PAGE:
Accuracy in Media

The debate over the Iraq War will continue. But at the end of 2005, we heard some rather interesting and surprising comments about the war. 

On CNN, before he moved to Fox News, veteran Washington reporter and columnist Bob Novak made some striking charges about why the U.S. went to war. Novak, who was a known critic of the war in Iraq, laid the blame on Israel.

Here was his exchange with Wolf Blitzer on December 23:

BLITZER: Was the president sold a bill of goods on Iraq?

NOVAK: I think they got in a mindset where they really wanted change of government, and then it was a need to find reasons for a change of government.

BLITZER: Why was that?

NOVAK: I believe that they felt that this was the key to American foreign policy. I think it was — they thought it was very important to our ally, Israel, to get rid of him, to [have] peace in the Middle East, and then you kind of think of reasons to get it done.

Blaming Israel for the war is usually done in conjunction with references to the Project for a New American Century, a so-called “neo-con” group that wants to expand U.S. influence in the Middle East. Some major Bush Administration figures have been associated with it. Support for Israel has become a controversial topic, even though Democratic and Republican administrations going back decades have made support for Israel an element of U.S. foreign policy.

But is Israel really the reason why the U.S. went to war in Iraq?

Another interesting exchange was on Meet the Press on Christmas day. Tim Russert had as his two guests Ted Koppel, who stepped down in late 2005 as the host of Nightline after more than 25 years in that position, and Tom Brokaw, who stepped down as NBC Evening News anchor a little over a year ago. They were discussing the war in Iraq, and the evidence, or lack thereof, of Weapons of Mass Destruction leading up to the war:

MR. BROKAW:  ?the French intelligence were sharing the same conclusions with the administration.  I thought–I agree with you that I don’t think that we pushed hard enough for vigorous debate.  I think that on Capitol Hill that the debate was anemic, at best.  You had–Ted Kennedy and Senator Byrd, really, were the only ones speaking out with any kind of passion in the Senate, the people who…

MR. RUSSERT:  And they were not questioning whether Saddam Hussein had weapons of mass destruction.

MR. BROKAW:  No.  No.  No.

MR. RUSSERT:  That seemed to be a uniformly held belief.

MR. BROKAW:  Right.  Yeah.

MR. KOPPEL:  Nor did the Clinton administration beforehand.

MR. BROKAW:  No.

MR. KOPPEL:  I mean, the only difference between the Clinton administration and the Bush administration was 9/11.

MR. BROKAW:  Right.

MR. KOPPEL:  If 9/11 had happened on Bill Clinton’s watch, he would have gone into Iraq.

MR. BROKAW:  Yeah.  Yeah.

So from these three mainstream news titans comes the view that the U.S. and its allies agreed that Saddam had WMD.  But what is even more intriguing was Koppel’s assertion that Clinton would have invaded Iraq, if 9/11 had occurred on his watch.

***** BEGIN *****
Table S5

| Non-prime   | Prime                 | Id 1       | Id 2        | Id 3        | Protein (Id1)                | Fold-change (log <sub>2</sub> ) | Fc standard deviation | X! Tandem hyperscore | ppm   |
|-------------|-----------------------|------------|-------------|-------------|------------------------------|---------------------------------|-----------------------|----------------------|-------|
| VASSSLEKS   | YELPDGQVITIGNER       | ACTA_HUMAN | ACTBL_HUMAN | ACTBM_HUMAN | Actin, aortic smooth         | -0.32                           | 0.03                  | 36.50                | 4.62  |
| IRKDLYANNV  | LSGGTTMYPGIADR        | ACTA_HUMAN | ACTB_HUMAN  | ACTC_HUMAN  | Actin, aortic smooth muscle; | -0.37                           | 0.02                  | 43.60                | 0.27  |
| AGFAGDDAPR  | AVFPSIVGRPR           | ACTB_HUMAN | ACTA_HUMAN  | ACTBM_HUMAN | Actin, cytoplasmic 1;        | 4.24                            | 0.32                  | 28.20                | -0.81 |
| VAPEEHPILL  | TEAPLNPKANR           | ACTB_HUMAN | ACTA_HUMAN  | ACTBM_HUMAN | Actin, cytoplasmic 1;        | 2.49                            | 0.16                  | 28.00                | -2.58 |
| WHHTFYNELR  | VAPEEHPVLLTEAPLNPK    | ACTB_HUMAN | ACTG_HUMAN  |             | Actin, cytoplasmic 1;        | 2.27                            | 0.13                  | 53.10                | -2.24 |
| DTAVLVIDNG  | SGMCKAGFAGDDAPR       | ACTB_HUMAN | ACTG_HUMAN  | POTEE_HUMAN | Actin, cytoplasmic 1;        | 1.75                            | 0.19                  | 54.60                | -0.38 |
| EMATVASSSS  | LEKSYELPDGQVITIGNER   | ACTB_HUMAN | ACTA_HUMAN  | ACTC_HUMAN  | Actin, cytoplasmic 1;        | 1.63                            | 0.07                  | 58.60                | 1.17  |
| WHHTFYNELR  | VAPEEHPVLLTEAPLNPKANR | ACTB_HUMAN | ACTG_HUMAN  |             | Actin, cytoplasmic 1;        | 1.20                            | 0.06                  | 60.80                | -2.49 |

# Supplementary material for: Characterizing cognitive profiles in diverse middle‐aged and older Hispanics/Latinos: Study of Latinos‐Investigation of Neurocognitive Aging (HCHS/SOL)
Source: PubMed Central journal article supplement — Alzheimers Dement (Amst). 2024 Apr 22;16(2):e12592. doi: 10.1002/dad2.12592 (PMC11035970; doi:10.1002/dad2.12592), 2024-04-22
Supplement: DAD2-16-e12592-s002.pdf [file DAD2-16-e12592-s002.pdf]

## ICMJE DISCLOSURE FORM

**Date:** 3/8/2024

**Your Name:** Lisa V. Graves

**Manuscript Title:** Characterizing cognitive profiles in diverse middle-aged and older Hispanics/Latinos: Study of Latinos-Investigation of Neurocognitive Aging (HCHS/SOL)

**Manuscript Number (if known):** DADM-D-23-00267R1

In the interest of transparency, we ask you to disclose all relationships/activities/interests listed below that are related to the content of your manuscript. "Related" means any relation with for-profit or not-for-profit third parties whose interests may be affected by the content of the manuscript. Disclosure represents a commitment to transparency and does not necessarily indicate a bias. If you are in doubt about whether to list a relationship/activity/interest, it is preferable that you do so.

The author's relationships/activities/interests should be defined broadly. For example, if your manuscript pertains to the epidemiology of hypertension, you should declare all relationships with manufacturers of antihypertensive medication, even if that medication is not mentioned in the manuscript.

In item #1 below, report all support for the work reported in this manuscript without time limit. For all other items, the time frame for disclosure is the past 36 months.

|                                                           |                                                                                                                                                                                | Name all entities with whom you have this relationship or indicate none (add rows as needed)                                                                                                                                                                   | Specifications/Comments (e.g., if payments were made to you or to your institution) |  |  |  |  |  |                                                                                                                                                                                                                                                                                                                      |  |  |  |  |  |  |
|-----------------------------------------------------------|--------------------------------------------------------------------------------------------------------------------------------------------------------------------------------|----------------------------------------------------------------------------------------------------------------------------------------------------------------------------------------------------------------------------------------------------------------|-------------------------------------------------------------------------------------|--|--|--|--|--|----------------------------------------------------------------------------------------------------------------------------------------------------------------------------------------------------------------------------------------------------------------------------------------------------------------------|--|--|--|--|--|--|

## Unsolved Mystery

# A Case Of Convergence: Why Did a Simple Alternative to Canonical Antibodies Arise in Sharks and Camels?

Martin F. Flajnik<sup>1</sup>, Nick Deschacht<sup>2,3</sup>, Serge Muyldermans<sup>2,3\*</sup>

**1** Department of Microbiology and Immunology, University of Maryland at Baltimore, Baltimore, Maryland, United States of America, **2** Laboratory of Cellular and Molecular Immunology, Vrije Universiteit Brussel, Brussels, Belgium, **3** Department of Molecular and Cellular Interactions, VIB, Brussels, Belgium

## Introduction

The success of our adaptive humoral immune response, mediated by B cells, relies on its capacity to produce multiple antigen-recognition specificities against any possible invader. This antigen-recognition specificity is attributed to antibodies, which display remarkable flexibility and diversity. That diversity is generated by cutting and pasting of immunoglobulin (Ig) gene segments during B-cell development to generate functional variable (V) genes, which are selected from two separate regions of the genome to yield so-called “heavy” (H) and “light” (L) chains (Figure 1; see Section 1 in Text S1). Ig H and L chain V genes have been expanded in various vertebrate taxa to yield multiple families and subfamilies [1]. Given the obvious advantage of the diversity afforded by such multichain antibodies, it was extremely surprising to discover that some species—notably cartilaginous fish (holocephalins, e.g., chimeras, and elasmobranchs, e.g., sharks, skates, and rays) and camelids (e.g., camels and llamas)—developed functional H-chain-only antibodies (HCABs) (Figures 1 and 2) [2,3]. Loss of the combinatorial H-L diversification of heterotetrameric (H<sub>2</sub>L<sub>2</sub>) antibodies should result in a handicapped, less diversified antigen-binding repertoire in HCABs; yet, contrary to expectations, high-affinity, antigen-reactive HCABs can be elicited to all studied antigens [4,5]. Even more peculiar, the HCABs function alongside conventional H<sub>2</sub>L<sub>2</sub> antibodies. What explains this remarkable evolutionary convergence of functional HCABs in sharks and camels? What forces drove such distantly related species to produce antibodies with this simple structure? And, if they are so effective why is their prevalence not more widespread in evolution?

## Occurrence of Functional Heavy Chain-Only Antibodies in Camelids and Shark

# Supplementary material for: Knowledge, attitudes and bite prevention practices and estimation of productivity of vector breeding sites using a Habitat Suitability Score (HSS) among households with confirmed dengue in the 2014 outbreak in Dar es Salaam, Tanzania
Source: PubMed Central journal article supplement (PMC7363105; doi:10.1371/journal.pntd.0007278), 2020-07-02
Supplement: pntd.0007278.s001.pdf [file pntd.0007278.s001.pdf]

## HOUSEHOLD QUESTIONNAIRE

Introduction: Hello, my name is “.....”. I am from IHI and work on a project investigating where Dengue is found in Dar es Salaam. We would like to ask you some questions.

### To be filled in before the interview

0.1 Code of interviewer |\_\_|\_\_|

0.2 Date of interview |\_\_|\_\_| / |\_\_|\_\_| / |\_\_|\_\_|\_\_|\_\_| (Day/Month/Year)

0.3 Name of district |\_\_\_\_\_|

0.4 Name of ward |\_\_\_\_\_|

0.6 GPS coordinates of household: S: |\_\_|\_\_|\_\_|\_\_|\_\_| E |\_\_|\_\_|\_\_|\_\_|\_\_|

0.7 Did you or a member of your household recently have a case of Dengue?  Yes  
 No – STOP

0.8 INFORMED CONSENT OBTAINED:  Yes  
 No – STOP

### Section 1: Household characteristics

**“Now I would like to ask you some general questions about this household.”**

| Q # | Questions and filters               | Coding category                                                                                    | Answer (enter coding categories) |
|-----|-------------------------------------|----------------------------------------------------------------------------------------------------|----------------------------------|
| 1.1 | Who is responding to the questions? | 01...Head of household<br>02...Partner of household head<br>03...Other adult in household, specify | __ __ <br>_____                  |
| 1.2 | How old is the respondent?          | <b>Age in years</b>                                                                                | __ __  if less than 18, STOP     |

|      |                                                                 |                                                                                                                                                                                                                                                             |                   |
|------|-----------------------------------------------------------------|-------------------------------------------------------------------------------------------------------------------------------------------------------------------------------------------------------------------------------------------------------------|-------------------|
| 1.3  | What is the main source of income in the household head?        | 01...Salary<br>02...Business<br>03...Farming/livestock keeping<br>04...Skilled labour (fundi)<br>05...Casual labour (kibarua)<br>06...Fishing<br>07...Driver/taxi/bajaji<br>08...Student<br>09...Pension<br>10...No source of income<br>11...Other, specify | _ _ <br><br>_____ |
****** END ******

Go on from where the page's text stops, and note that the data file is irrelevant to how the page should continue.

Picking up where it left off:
The evidence suggests that Clinton may have done just that. Clinton, after all, had signed the Iraq Liberation Act in 1998, calling for regime change, and had bombed Iraq in December 1998, claiming that “Saddam Hussein must not be allowed to threaten his neighbors or the world with nuclear arms, poison gas or biological weapons.” He did that without seeking approval from Congress or the United Nations.

Did this make Clinton into a “neo-con?” If he had invaded Iraq after 9/11, would he have been charged with being a “neo-con?”

The use of this term, “neo-con,” is sometimes used to suggest that U.S. foreign policy is being determined by a secretive group of Jews with inordinate power over U.S. affairs.

The facts, however, suggest that Iraq was perceived as a threat by foreign policy experts from both parties, by our allies and the U.N. itself. The Saddam regime was officially declared a terrorist sponsor by the U.S. and it was pursuing weapons-of-mass-destruction programs. After 9/11, Bush officials came to the belief that the U.S. had to strike back, not only in Afghanistan, where Al Qaeda was based, but in Iraq, which had been a threat to Middle East stability for years. Iraq was a threat to Israel, but it was also perceived as a threat to the U.S.

It’s true that Israel benefits from a U.S. policy of eliminating terrorist regimes in the Middle East. But that in no way suggests that Israel is calling the shots, and that the U.S. and the rest of the world do not also benefit from Saddam’s fall from power.

It is strange, at this late date, that there is still a debate over going to war. The debate is fueled by those, such as Novak, who want to suggest there was some kind of manufactured rationale for the war, based on Jewish support for Israel.

We wonder if Novak will make that argument on the Fox News Channel. If he does, we can anticipate some major fireworks with Fox News panelists Charles Krauthammer and Fred Barnes, among others. But we doubt that Novak will walk off the set.




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